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The National Portrait Gallery acknowledges the Traditional Custodians of Country throughout Australia and recognises the continuing connection to lands, waters and communities. We pay our respect to Aboriginal and Torres Strait Islander cultures and to Elders both past and present.

Aboriginal and Torres Strait Islander viewers are warned that this website contains images of deceased persons.

Alan Bond, 1985

Rennie Ellis

type C photograph on paper (sheet: 62.0 cm x 47.0 cm, image: 29.1 cm x 43.9 cm)

Alan Bond (1938-2015), entrepreneur, was born in London and came to Australia in 1950. After working as a signwriter and building his fortune in property development, he was named Australian of the Year in 1978, five years before he became a national hero by winning the 1983 America’s Cup for Australia. Two years later his Bond Corporation acquired the giant Castlemaine Tooheys beer empire, giving him control of more than 40% of Australia’s beer market. In 1987 he made international headlines by purchasing Van Gogh’s Irises for a world record $54 million; the same year, he bought Channel Nine from Kerry Packer for $1 billion, and built the striking Bond Center in Hong Kong. The university he funded, Bond University on the Gold Coast, Queensland, opened in 1989. Having become the most popular of the Australian magnates of the 1980s, Bond was declared bankrupt in 1992, and gaoled in 1997. His biographer Paul Barry wrote that ‘what he did in the 1980s and the 1990s was a disgrace to this country and brought us into disrepute throughout the world’. In 2008, eight years after his release and having developed overseas interests in oil and diamond mining, he bounded back into the list of the two hundred wealthiest people in Australia.

Rennie Ellis photographed Bond on the day of his daughter Susanne’s marriage to New York doctor Armand Leone, which was followed by a stupendously lavish reception at the Bonds’ clifftop home. Susanne’s dress was created by Bruce Oldfield, a favourite designer of Princess Diana’s. As Oldfield made his last refinements, Ellis went across the hall to Bond’s bedroom and photographed the tycoon as he sat on the bed watching a Tarzan movie on TV.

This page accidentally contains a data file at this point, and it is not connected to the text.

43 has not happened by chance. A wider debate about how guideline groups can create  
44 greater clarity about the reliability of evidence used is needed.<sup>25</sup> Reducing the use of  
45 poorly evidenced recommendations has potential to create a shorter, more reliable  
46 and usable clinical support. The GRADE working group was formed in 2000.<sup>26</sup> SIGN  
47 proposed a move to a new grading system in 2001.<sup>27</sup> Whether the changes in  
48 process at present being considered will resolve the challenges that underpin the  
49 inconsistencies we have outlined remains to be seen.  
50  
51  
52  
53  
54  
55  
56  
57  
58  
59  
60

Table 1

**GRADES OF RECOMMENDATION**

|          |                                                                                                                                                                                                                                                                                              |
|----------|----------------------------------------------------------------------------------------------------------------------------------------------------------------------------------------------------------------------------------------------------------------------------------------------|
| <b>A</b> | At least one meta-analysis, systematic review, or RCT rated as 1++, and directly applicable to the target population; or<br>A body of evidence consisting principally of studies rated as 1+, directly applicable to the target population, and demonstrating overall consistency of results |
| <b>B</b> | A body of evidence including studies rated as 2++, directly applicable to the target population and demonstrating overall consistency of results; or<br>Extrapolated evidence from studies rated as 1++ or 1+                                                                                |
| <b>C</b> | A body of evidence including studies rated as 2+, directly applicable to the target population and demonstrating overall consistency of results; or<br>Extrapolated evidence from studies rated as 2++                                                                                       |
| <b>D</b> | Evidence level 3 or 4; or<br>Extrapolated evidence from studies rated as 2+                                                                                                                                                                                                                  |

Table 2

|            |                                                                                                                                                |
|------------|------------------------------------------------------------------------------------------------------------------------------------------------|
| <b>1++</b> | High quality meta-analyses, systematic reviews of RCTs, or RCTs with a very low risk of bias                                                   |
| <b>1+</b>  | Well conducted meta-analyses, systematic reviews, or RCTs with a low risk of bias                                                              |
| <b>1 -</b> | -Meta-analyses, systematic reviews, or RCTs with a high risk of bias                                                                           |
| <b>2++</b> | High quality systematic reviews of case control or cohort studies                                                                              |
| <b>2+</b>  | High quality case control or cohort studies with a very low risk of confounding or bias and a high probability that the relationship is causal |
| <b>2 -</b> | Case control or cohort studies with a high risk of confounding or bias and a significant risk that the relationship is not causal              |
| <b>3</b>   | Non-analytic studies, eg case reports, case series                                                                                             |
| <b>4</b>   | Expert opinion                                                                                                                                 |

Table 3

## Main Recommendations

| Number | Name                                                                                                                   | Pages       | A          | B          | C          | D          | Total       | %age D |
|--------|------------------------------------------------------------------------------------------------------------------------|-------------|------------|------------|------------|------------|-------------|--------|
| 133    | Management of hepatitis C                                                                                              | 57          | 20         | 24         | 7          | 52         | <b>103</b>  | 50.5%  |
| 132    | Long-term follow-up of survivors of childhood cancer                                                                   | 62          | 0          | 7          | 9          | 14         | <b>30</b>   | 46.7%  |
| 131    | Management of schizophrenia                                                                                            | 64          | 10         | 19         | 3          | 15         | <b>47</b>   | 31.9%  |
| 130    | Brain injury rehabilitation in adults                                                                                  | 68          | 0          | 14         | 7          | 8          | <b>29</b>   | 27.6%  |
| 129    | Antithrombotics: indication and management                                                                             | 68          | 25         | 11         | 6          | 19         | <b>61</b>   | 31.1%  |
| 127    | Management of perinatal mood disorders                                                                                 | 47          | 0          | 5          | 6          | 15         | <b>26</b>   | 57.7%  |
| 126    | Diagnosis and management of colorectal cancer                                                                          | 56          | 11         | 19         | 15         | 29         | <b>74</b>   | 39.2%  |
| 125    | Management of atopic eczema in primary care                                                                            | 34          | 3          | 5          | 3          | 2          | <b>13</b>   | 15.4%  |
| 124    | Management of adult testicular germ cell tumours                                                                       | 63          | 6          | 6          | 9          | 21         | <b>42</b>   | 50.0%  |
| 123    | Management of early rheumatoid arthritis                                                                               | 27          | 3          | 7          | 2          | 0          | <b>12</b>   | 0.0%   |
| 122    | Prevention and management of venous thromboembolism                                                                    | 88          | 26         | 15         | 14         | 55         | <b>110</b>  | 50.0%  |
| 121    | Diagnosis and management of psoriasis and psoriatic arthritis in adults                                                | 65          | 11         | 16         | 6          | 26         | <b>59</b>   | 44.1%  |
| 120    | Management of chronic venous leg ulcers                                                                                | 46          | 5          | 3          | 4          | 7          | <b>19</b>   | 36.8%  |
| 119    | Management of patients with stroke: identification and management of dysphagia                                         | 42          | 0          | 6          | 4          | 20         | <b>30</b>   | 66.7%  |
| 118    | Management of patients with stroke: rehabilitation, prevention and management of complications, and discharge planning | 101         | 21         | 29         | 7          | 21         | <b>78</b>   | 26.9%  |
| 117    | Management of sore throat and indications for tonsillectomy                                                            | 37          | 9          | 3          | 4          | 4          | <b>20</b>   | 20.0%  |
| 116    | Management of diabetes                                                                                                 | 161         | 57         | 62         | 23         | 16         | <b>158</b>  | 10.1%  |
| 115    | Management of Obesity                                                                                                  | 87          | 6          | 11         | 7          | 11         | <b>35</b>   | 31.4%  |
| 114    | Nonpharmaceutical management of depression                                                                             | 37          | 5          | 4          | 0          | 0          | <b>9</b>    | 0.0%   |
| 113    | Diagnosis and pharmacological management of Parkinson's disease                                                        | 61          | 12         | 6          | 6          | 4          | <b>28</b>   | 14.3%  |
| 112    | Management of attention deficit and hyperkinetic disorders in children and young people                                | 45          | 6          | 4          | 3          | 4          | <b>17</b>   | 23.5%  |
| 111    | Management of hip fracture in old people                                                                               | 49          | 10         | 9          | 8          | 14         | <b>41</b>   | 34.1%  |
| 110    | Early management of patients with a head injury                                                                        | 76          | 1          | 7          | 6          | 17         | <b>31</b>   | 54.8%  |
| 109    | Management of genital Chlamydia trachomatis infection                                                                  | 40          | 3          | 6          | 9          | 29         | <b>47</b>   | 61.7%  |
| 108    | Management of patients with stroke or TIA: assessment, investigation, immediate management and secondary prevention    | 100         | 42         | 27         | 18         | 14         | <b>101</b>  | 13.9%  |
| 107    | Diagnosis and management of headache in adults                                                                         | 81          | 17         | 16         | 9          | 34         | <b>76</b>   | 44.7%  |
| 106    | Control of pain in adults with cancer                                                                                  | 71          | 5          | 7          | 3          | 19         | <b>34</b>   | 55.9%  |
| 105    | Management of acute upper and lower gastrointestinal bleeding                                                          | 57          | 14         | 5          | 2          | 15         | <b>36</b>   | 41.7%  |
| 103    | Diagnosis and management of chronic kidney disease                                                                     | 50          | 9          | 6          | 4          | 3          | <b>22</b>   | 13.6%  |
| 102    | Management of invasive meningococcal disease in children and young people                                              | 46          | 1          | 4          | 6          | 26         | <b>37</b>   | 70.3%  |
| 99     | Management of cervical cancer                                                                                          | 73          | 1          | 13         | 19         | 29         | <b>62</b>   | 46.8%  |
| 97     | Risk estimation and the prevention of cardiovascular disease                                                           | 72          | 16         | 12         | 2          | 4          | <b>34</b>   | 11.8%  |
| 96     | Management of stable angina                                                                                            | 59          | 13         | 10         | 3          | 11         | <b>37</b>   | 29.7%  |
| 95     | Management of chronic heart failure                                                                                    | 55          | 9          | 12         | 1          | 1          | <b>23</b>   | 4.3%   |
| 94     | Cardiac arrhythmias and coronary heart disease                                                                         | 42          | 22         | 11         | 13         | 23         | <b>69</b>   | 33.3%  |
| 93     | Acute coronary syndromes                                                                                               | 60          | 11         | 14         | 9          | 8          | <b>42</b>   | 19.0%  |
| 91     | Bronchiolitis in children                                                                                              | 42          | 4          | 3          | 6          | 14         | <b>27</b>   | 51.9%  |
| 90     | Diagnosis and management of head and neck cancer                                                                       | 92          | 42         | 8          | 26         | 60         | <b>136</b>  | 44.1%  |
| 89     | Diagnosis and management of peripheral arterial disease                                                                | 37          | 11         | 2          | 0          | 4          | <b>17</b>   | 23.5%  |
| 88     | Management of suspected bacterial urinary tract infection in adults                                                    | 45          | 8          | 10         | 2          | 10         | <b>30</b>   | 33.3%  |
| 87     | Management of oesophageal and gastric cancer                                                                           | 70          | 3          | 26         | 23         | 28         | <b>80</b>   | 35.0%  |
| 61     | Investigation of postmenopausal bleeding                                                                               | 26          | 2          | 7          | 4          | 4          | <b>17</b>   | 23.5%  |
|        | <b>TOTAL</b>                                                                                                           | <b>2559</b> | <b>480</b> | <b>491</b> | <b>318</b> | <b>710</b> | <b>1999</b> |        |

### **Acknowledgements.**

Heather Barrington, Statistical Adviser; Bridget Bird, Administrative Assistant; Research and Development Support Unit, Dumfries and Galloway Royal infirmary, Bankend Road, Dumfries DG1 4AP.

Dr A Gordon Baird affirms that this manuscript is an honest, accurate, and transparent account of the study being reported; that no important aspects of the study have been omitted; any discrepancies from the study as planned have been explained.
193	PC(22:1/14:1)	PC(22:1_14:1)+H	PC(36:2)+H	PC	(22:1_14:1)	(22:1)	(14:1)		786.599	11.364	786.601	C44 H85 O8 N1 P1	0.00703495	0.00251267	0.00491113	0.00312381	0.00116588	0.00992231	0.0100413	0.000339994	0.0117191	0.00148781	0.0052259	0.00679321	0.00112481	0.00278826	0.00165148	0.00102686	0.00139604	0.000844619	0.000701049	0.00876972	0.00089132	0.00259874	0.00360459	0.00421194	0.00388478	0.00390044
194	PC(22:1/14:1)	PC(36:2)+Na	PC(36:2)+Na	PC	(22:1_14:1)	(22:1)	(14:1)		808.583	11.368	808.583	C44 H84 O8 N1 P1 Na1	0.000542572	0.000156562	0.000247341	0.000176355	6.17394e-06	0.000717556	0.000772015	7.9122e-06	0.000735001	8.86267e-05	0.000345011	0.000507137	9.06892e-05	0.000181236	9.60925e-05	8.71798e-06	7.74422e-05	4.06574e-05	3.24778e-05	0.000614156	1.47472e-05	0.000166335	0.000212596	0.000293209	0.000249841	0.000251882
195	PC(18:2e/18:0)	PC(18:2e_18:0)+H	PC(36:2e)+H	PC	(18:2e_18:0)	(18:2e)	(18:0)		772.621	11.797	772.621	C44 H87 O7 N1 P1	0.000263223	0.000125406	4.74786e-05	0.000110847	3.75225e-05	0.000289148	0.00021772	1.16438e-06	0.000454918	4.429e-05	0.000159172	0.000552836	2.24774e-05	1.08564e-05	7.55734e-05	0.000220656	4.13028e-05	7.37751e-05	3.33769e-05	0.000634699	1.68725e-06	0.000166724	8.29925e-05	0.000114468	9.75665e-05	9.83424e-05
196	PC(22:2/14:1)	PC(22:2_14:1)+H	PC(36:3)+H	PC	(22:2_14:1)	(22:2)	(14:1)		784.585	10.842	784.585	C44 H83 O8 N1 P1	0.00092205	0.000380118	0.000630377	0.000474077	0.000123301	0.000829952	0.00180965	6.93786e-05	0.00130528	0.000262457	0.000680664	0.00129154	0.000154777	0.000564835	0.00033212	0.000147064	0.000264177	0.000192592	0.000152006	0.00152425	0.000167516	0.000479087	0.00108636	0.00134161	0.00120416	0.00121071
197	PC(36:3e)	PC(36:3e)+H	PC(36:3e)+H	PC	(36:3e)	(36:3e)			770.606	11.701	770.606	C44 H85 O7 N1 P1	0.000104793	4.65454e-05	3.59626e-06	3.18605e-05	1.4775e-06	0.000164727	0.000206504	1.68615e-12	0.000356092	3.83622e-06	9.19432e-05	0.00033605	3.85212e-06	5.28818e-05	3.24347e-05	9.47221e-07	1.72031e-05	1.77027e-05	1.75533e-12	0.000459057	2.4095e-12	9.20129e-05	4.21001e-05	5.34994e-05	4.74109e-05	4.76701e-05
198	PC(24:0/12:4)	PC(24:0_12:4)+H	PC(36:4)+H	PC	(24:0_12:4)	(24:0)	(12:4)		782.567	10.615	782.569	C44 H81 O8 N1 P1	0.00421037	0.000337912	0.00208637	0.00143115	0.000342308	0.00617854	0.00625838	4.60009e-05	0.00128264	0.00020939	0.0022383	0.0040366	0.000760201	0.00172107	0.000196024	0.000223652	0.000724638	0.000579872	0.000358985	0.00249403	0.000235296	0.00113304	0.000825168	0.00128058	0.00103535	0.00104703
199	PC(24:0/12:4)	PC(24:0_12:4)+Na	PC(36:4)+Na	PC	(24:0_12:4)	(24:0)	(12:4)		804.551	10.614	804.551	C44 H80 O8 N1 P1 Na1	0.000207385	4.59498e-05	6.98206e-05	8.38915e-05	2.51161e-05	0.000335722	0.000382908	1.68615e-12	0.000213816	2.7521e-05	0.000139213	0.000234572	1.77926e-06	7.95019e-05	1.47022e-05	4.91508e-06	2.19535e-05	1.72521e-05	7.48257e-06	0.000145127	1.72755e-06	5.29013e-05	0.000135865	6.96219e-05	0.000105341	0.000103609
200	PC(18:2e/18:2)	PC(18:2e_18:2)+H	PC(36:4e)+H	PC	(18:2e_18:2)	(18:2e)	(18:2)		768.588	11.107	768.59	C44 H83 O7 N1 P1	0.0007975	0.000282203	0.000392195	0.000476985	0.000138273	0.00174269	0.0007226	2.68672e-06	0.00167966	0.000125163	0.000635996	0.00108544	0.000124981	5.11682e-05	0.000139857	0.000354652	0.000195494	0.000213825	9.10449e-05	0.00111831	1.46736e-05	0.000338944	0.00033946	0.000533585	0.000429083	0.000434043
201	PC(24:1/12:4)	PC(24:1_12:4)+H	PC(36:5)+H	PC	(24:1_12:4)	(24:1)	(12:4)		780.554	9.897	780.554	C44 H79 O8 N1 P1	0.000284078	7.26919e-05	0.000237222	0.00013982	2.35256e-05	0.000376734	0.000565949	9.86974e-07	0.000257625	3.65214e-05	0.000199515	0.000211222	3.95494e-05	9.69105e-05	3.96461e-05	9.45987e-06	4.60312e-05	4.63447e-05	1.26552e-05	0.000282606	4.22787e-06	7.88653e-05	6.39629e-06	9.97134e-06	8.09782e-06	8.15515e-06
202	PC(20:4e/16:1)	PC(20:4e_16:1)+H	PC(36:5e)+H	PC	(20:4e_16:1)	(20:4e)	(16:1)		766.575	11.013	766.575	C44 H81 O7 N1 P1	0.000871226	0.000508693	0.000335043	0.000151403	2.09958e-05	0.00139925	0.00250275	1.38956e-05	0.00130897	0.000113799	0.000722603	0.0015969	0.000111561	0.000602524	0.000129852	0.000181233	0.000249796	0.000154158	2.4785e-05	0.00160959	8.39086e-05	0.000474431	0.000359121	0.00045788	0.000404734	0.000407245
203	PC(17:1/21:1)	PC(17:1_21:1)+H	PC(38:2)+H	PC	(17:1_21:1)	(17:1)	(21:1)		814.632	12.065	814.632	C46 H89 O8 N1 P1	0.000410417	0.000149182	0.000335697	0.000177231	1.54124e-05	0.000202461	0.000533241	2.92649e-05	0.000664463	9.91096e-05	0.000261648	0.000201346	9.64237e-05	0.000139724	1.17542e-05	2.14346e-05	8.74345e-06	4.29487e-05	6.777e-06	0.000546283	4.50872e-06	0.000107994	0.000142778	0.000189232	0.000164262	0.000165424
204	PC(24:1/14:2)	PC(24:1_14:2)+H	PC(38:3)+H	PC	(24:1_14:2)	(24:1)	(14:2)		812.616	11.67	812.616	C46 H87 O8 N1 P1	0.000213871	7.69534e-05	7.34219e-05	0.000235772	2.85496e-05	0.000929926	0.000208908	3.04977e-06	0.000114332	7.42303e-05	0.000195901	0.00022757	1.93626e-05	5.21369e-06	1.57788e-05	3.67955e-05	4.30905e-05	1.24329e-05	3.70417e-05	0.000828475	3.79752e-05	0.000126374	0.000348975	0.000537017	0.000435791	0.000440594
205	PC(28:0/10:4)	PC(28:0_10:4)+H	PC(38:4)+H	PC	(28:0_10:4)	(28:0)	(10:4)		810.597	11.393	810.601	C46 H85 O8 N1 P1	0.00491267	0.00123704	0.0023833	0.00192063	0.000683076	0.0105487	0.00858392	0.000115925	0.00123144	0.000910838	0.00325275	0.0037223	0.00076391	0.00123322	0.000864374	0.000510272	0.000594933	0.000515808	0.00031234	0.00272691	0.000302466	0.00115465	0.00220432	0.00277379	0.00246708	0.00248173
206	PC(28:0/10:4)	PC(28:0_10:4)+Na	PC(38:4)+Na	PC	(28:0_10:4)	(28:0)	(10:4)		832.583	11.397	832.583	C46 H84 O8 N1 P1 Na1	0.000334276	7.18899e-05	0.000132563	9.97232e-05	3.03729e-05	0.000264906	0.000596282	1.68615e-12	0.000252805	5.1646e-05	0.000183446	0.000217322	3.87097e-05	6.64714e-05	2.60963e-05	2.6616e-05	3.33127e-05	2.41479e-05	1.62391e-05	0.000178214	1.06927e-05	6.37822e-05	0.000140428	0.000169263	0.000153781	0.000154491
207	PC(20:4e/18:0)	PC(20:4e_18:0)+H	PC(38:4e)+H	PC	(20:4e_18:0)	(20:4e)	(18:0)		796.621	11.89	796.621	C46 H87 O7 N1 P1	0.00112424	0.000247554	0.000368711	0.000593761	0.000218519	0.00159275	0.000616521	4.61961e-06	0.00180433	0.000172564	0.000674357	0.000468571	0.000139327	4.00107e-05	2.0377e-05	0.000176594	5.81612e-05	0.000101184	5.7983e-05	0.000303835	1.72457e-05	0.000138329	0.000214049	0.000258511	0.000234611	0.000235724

Collection: National Portrait Gallery
Purchased 2006
© Rennie Ellis Photographic Archive
www.RennieEllis.com.au

Accession number: 2006.62

Currently on display: Gallery Six (Tim Fairfax Gallery)

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Artist and subject

Rennie Ellis (age 45 in 1985)

Alan Bond (age 47 in 1985)

Subject professions

Business, trades and industry

Related information

The Companion

Permanent collection catalogue

Café and shop

On one level The Companion talks about the most famous and frontline Australians, but on another it tells us about ourselves: who we read, who we watch, who we listen to, who we cheer for, who we aspire to be, and who we'll never forget. The Companion is available to buy online and in the Portrait Gallery Store.

Bon Scott & Angus Young, Atlanta, Georgia, 1978 (printed 2010) Rennie Ellis
Bon Scott & Angus Young, Atlanta, Georgia, 1978 (printed 2010) Rennie Ellis
Bon Scott & Angus Young, Atlanta, Georgia, 1978 (printed 2010) Rennie Ellis
Bon Scott & Angus Young, Atlanta, Georgia, 1978 (printed 2010) Rennie Ellis

No shirt, no service

Magazine article by Dr Sarah Engledow, 2010

Bon Scott and Angus Young photographed by Rennie Ellis are part of a display celebrating summer and images of the shirtless male.

Bee Miles, 1976 Roderick Shaw
Bee Miles, 1976 Roderick Shaw
Bee Miles, 1976 Roderick Shaw
Bee Miles, 1976 Roderick Shaw

Good, bad and the ugly

Magazine article by Michael Desmond, 2007

Michael Desmond explores what makes a portrait subject significant.

Rosaleen Norton, Witch of Kings Cross, 1970-71 Rennie Ellis
Rosaleen Norton, Witch of Kings Cross, 1970-71 Rennie Ellis
Rosaleen Norton, Witch of Kings Cross, 1970-71 Rennie Ellis
Rosaleen Norton, Witch of Kings Cross, 1970-71 Rennie Ellis

Aussies All

Magazine article by Dr Sarah Engledow, 2006

Rennie Ellis photographs the self-proclaimed 'Witch of Kings Cross'.

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© National Portrait Gallery 2020
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The National Portrait Gallery acknowledges the Traditional Custodians of Country throughout Australia and recognises the continuing connection to lands, waters and communities. We pay our respect to Aboriginal and Torres Strait Islander cultures and to Elders both past and present.

Aboriginal and Torres Strait Islander viewers are warned that this website contains images of deceased persons.